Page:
Coping with current market demands is not the only thing a corporation eyes in today’s world of competitive business in the IT arena but also has to address issues at the investment level, say hardware. Hardware Solutions, no doubt, need to be on par with the evolving technology where the IT manager has to ensure that it is not outdated but caters to the needs of the present day market where technology and investment go hand in hand. The programmability of NetXen’s Intelligent NIC addresses this issue and protects the IT manager’s hardware investment.

NetXen’s NIC solution addresses the security issues in datacenters head on. It not only supports the common security protocols such as SSL and IPsec, but also makes deployment of user authentication using access control levels, at end points easier. With NetXen’s solution: servers which are usually the end points in a datacenter, can effectively deal with Denial-of-Service attacks, which is another common form of attack today to paralyze web sites.

iThe Genesis
While entering the semiconductor business, Kizhepat had to understand that a pioneering product had to be scalable from generation to generation as well as create a technology that is applicable across multiple horizontal segments. Fighting against bigger competitors trying to make inroads in this segment, Kizhepat realized that market players were looking for a complete system-solution. And this became his focal point.

Partnering with OEMs like IBM and HP, Kizhepat found the first set of people with the same blood-group to pioneer his project. Benchmark Capital, one of the premier venture capital firms in Silicon Valley which had backed Kizhepat’s previous venture provided the initial funding, NetXen’s growing popularity found Accel Partners, DAG Ventures and Integral Capital Partners investing in the company.
Developing chips and the software from scratch, the infant team of enthusiastic engineers at NetXen were radically changing architecture both at the chip level and software level to make it work seamlessly with existing software systems and hardware platforms. Fluxing cost competitiveness and low power, they remained undercover designing the pioneering chips.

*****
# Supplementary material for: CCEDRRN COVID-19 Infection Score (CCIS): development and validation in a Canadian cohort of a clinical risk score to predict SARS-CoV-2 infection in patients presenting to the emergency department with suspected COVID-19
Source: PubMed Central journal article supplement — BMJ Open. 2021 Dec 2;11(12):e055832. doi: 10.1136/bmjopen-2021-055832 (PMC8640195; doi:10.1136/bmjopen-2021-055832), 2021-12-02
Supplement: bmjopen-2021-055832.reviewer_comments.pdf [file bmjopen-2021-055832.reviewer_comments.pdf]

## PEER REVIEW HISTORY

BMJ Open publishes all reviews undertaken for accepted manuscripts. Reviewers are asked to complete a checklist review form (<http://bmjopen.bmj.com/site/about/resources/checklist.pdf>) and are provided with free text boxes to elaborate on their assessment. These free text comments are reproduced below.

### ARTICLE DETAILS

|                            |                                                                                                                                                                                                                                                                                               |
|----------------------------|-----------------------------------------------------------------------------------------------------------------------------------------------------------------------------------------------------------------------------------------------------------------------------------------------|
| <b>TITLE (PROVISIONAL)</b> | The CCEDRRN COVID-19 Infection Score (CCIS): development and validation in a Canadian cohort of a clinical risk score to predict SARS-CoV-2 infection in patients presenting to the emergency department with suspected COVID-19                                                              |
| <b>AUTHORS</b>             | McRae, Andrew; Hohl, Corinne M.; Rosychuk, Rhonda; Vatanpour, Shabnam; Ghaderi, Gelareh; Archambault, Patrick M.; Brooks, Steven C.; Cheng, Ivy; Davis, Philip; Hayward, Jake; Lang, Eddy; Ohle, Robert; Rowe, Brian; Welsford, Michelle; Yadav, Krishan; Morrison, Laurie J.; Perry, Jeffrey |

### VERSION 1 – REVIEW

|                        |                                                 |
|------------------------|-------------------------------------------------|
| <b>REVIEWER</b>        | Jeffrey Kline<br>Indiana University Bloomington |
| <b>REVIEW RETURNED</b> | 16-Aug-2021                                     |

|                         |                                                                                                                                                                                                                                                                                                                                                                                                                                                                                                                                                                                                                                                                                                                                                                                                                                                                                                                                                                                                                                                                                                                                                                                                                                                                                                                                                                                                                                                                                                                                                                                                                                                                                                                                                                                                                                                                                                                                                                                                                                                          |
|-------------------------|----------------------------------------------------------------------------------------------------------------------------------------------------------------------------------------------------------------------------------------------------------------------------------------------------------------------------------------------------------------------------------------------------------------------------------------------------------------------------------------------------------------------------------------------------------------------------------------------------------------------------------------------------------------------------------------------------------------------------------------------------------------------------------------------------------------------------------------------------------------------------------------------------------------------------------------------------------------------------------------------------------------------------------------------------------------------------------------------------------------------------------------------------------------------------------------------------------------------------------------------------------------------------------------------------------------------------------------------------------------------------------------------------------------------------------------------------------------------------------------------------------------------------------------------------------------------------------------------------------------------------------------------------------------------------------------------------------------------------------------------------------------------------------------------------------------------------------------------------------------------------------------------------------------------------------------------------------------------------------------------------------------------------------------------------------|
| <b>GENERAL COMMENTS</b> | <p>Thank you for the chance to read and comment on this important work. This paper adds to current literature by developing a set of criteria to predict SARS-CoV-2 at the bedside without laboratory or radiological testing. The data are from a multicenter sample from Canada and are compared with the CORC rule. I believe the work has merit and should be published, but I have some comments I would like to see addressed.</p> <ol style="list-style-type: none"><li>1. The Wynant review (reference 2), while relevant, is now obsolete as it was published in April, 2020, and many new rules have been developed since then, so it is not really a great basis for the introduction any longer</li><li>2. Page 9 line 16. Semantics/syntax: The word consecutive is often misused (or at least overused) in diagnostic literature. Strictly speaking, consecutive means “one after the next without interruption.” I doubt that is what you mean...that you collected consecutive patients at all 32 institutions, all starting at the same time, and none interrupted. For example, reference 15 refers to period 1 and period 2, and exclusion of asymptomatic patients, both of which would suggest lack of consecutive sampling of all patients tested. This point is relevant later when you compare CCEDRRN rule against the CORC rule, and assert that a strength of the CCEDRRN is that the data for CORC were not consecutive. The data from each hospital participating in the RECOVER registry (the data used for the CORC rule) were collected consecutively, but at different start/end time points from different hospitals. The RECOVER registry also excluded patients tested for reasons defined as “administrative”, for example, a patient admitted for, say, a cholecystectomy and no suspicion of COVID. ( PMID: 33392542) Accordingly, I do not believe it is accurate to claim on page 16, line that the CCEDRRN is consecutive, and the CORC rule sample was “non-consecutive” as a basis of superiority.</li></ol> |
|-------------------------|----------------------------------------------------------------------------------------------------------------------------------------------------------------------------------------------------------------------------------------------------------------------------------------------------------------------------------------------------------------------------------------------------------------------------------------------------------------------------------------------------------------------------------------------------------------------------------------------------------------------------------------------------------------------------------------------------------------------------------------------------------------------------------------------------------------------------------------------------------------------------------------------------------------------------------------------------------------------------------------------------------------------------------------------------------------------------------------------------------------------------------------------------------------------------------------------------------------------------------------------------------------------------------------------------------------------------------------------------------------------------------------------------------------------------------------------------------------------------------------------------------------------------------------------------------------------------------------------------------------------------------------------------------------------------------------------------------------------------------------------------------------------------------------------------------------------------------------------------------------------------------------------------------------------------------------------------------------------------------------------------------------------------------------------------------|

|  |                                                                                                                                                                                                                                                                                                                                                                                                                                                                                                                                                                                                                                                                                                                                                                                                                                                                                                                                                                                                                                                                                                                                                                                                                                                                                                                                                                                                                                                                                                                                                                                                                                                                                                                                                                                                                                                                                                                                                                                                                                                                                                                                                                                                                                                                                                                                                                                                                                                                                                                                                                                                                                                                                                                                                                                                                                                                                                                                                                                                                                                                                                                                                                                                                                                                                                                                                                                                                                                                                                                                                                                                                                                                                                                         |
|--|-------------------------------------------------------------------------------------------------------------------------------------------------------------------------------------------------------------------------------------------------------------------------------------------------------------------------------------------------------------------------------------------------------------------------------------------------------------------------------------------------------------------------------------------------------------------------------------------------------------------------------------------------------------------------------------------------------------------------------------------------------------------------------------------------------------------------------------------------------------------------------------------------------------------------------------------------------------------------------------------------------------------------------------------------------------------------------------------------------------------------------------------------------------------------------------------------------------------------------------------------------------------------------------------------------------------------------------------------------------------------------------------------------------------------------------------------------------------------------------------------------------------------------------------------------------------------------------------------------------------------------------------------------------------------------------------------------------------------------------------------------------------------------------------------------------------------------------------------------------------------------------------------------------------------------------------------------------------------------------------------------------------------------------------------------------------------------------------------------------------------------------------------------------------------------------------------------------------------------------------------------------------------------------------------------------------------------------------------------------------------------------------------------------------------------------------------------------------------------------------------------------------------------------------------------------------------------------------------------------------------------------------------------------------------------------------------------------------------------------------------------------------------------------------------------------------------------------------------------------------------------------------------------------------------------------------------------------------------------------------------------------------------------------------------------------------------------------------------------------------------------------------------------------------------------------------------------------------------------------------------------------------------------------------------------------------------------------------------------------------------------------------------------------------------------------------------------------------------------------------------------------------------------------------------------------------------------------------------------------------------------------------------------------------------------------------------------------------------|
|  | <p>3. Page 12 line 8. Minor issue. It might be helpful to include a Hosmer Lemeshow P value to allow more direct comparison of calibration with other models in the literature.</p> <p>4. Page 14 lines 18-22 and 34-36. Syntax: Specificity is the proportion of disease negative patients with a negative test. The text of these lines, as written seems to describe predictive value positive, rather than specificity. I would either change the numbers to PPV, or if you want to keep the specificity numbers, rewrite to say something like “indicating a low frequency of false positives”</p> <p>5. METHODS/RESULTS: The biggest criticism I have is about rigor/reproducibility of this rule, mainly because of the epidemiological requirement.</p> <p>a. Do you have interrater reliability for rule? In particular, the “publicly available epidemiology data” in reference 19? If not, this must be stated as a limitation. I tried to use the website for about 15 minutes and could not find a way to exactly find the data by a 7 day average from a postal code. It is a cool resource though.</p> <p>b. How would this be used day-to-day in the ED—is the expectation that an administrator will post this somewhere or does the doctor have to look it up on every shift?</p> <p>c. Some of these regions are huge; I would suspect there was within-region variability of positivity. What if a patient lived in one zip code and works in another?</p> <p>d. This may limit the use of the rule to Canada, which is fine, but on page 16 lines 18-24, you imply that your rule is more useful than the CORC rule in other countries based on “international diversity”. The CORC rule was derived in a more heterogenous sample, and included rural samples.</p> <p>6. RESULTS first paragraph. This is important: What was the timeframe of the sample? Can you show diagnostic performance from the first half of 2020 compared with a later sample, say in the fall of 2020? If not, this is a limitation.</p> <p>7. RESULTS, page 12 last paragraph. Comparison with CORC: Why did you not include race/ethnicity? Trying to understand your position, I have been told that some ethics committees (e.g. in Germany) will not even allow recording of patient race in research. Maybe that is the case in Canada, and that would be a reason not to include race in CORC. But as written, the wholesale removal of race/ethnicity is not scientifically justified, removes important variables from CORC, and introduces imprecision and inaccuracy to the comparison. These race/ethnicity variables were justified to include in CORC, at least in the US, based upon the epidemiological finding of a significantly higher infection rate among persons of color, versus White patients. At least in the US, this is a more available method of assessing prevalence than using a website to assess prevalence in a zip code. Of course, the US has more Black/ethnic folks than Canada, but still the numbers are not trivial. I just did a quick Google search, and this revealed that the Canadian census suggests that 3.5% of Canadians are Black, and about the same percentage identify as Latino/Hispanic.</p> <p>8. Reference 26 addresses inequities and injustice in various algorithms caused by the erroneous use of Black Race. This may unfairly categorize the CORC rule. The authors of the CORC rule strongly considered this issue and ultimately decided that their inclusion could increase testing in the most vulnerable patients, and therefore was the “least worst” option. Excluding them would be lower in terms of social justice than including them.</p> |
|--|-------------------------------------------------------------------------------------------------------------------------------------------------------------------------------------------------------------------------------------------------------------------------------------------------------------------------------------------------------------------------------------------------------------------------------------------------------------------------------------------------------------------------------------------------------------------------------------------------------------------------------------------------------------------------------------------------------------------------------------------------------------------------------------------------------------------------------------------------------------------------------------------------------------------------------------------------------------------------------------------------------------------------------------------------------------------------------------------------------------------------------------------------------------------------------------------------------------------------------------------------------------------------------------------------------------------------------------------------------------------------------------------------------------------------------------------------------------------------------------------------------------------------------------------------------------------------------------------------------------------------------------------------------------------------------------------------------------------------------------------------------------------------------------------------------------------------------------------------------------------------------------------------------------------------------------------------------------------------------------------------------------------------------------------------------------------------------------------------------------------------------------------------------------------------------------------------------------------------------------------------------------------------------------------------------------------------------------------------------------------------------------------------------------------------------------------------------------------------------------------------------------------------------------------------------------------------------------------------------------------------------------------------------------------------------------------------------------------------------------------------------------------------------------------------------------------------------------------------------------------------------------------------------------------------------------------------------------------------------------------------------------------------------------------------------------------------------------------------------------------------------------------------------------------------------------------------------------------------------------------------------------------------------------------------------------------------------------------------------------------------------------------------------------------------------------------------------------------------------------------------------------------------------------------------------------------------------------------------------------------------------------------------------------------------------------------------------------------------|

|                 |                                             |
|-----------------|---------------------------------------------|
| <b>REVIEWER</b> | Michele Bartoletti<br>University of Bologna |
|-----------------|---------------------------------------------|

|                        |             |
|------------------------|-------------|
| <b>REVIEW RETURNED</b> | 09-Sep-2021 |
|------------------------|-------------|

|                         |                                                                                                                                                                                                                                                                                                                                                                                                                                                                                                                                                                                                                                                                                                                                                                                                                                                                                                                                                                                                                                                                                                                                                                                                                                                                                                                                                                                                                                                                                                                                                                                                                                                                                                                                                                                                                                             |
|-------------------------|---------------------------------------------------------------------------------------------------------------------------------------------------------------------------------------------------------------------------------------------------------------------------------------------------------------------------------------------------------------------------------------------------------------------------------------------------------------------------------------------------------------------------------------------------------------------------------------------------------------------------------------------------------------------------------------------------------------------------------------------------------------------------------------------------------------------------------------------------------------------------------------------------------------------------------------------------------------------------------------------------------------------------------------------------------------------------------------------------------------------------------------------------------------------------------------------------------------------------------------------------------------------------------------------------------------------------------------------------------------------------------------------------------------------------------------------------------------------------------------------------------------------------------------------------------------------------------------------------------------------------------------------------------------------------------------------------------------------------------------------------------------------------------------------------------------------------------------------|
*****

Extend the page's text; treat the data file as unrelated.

Crossing legacy hurdles
Ethernet has been in the industry for a while. But with increasing bandwidths, and lots of software and features making in-roads, Kizhepat was confident of making a difference in the domain. A chip-design veteran and an entrepreneur by heart, he had to cross the legacy hurdles to emerge victorious. And that was treading the tough path. “We had to spend long hours to learn all legacy features and then create new performance features to add value to our innovations,” says Kizhepat.

Successful entrepreneurship is all about risk-taking ability and experimenting new solutions. NetXen started focusing on smaller market segments in security and graduated to storage. But realization of a not-so-voluminous market dawned and propelled them into the complex server-oriented datacenter market.

With their first set of customers ranking among top-notch tech-companies, NetXen was further challenged to scrutinize every process. Says Kizhepat, “At the end of the day they are the ones who are going to use it first and if you can’t get them on board then you might as well not do it.” While 10 million servers sold every year, and with most of the major server OEMs adopting NetXen’s solution, Kizhepat predicts that two to three percent of them would have 10GbE connectivity to start with, and increasing to 20 percent with wide spread adoption of 10GbE in datacenters.

In the chip business where there is a compelling need to cultivate innovations and keep the lead, NetXen has reached it’s first victory goal of making a niche among bigger technology companies in the I/O space. With this first successful customer interaction, what with these big customers going gaga over NetXen’s chips, NetXen is on it’s way to making a successful business out of it’s innovative technology and solutions, smoothening up their production ramp.